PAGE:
- More people are dying trying to cross the US-Mexico border than ever before.
- Biden increased funding for border enforcement, despite promising not to build Trump's border wall.
- This is a change in name only and will keep the border as dangerous and deadly as ever.
- Will Meyer is a freelance writer and co-editor of The Shoestring.
- This is an opinion column. The thoughts expressed are those of the author.
- See more stories on Insider's business page.
On July 30, the Biden Administration began sending migrant families back to their home countries via "fast-track" deportation flights. According to the Washington Post, there has been a "sharp increase" of border crossings in the Rio Grande valley in Texas. The apprehension and deportation of families – save for those who test positive for the coronavirus – has been steadily increasing throughout the year, from 7,300 in January to 55,800 in June.
According to The Post, the spread of the Delta variant "has intensified pressure on the administration to ramp up enforcement." Adding that "on July 16 … [ICE] was holding more than 700 children with their parents, including 451 children ages 5 and under." In other words, border enforcement has become a policy solution to fight the pandemic (never mind the role Immigrations and Customs Enforcement actively played in spreading the virus).
Indeed, as the pandemic, as well as economic and climate instability, force people to move, more migrants are dying in the desert. According to NPR, migrant deaths at the Arizona-Mexico border are on track to be higher than any year when data has been recorded, and CBP data suggests that "encounters" and "apprehensions" of migrants are higher than they've been in 15 years.
These deaths and dangerous border crossings are a result of the 1994 "prevention through deterrence" policy. In order to restrict migration, the Clinton Administration bulked up enforcement efforts at major points of entry so that migrants would be forced to cross through areas so remote that they would stop trying. As the New York Times explained, according to government documents, the policy was predicated on forcing people into "mortal danger" and one report suggested that the "death of aliens" was a measurement of policy's effectiveness.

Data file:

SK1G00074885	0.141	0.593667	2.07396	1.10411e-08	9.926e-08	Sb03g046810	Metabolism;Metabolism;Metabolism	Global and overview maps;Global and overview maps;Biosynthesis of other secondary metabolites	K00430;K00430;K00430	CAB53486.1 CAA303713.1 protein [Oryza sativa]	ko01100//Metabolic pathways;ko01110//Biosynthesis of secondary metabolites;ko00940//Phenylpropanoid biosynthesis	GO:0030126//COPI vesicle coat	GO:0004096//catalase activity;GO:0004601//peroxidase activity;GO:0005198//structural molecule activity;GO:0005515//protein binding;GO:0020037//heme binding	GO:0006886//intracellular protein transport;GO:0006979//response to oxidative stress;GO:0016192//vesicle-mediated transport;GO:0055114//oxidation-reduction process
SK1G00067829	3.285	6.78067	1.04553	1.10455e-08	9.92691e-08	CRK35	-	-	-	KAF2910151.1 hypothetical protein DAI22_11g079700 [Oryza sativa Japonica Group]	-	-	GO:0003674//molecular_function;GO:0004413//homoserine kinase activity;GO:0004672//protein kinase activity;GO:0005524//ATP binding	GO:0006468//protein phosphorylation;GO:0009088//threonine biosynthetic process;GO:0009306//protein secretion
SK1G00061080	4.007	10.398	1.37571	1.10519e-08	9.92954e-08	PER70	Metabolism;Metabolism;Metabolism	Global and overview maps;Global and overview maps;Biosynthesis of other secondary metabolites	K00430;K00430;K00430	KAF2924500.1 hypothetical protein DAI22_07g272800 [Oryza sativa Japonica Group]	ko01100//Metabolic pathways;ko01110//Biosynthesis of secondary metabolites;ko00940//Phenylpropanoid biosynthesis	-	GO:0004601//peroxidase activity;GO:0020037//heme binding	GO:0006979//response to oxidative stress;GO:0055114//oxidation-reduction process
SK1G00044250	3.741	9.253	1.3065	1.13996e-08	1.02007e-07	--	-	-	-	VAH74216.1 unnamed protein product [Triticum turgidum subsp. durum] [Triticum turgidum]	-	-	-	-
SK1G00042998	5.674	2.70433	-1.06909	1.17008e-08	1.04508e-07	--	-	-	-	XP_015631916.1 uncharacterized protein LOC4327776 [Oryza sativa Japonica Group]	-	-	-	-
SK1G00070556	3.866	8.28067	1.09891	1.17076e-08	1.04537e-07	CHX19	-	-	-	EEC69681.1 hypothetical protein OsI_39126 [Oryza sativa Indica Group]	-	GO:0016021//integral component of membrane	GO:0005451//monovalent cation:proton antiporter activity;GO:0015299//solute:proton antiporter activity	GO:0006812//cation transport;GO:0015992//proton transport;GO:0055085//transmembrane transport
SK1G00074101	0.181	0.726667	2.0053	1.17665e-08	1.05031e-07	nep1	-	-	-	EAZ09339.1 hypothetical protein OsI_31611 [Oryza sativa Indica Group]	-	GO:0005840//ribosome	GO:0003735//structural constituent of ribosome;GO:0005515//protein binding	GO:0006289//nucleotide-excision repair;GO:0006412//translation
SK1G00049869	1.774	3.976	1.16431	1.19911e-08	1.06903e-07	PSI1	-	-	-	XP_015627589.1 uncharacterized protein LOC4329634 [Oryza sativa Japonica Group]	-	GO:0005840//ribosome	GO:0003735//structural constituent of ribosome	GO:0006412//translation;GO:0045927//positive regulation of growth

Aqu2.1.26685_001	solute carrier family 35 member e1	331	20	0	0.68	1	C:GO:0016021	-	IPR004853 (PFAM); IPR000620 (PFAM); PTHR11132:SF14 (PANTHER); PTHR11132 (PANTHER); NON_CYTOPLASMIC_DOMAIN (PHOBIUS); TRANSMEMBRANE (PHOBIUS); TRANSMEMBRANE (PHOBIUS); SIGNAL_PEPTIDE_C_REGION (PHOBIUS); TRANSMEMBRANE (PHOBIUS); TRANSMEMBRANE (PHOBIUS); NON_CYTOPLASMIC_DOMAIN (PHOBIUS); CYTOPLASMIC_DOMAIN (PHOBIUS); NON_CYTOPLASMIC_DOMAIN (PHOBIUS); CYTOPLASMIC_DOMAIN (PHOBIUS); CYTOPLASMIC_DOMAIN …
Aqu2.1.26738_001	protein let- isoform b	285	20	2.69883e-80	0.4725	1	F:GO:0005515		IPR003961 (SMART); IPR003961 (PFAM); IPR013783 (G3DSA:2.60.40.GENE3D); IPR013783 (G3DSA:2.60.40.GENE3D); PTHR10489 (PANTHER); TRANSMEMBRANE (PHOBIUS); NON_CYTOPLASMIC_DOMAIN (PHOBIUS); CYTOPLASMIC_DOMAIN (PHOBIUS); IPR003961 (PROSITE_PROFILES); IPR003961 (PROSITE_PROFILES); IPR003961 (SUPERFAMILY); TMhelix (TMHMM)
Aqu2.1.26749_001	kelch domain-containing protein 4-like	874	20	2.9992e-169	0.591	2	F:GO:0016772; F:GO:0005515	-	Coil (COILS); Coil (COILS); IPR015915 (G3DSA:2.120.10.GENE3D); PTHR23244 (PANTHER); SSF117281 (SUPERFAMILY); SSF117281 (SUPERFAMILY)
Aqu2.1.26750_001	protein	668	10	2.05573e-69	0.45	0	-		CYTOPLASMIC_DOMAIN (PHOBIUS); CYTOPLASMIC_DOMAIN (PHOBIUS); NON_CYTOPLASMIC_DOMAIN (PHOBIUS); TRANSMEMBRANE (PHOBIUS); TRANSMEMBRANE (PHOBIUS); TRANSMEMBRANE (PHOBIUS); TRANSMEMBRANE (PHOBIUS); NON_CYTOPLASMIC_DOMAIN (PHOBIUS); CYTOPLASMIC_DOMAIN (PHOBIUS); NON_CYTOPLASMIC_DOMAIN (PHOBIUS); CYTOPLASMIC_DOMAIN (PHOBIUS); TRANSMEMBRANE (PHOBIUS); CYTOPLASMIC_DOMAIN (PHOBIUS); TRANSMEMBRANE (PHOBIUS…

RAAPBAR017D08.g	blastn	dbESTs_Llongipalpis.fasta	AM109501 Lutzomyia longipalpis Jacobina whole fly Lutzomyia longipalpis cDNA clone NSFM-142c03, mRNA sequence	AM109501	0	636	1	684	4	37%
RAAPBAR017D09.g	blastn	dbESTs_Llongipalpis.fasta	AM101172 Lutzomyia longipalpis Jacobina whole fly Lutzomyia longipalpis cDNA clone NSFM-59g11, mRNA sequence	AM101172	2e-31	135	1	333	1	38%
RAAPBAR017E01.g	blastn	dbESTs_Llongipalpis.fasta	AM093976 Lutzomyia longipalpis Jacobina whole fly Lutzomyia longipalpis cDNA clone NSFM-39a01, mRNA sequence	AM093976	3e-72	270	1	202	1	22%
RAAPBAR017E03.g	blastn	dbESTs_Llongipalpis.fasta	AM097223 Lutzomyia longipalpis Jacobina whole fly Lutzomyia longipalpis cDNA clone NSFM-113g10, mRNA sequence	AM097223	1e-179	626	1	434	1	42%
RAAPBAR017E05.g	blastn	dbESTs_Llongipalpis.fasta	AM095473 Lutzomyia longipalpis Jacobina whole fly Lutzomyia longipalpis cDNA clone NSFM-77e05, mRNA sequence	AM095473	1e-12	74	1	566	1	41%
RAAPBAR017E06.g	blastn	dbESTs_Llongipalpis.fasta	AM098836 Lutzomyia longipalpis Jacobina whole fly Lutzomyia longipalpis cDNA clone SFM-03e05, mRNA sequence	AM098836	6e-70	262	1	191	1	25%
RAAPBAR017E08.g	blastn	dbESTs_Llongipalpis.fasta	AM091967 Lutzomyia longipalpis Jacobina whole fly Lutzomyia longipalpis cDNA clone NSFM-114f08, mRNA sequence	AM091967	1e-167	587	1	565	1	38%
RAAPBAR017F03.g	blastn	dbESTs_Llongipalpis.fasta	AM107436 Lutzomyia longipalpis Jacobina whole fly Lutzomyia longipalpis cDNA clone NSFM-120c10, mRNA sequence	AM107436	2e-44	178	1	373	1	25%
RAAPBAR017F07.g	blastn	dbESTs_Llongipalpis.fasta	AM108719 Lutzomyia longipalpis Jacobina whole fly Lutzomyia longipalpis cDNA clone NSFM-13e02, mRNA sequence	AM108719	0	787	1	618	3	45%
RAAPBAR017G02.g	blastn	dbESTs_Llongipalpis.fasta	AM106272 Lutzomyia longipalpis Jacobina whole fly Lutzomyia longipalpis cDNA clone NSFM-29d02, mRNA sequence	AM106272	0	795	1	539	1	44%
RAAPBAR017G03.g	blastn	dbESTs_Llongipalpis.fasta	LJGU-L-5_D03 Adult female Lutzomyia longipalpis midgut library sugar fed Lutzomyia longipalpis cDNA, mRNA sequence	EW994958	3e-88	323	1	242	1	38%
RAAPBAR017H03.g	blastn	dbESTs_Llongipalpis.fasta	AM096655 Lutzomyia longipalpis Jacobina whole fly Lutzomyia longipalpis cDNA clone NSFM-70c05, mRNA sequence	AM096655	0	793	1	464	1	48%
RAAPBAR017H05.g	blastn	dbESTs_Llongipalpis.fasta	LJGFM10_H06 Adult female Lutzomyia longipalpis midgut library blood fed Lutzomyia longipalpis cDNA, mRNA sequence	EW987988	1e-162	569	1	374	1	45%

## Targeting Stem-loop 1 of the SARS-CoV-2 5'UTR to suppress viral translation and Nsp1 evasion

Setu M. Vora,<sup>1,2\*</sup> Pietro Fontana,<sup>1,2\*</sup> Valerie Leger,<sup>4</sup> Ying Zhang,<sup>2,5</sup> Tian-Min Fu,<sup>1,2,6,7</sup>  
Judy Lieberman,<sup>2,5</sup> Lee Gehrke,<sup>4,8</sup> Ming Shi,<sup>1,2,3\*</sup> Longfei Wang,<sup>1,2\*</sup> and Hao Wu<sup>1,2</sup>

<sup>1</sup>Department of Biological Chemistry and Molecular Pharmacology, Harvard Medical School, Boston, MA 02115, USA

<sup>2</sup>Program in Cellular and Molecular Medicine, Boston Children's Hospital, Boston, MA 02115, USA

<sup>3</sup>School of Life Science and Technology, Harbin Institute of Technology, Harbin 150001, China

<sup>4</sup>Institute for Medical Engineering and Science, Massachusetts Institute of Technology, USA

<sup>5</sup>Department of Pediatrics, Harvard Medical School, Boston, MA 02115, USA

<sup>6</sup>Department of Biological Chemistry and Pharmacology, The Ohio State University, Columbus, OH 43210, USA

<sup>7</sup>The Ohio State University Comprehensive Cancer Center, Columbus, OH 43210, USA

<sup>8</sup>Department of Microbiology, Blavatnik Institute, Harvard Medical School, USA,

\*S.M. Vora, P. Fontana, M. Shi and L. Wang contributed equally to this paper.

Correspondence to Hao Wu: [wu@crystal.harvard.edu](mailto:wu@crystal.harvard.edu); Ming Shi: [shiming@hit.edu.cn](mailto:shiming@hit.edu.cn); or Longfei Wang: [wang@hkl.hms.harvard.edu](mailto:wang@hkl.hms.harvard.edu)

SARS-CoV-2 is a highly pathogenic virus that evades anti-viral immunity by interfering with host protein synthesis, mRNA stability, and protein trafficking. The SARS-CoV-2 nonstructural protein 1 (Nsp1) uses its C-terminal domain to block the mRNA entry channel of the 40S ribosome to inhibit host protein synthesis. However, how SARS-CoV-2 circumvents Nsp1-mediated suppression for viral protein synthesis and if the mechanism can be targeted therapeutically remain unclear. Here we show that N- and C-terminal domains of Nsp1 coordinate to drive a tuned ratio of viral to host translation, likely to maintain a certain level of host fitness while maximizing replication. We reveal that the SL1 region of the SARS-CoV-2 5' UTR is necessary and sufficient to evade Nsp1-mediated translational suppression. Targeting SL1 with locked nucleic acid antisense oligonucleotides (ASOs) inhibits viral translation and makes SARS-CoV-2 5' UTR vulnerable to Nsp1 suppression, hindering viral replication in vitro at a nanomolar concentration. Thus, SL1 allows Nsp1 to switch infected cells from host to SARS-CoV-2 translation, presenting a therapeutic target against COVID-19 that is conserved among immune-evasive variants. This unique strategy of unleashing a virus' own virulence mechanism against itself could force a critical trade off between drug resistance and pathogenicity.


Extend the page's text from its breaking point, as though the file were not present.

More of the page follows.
While official counts indicate that 7,805 have died trying to cross, advocates suggest that deaths are severely under counted, indicating that as many as 80,000 may have disappeared since the implementation of the policy. NPR reports that the Pima County Arizona medical examiner Greg Hess has received the remains of 140 people this year – the highest numbers resulting from last month's brutal heat wave.
Further, and despite Biden's campaign promise not to build "another foot" of border wall, Congress is on track to increase funding for border surveillance technology, which advocates believe "is a continuation of the Trump administration's racist border policies, not a break from it."
As In These Times' Maurizio Guerrero explained, Biden's budget proposal for the upcoming year includes a $291 million increase in funding for the Border Patrol, including additional funding for a high-tech "smart-wall" – sensors, barricades, and "surveillance towers" that alert authorities of migrants' movements, and thus push people further into dangerous areas to cross, continuing prevention through deterrence.
In sum, the remote area where these dangerous border crossings occur amount to what UCLA anthropologist Jason De León once described as "a remote deathscape where American necropolitics are pecked onto the bones of those we deem excludable"; and, as a result, sentences border crossers to what Cornell's Mary Pat Brady termed as "passive capital punishment."
Climate at the border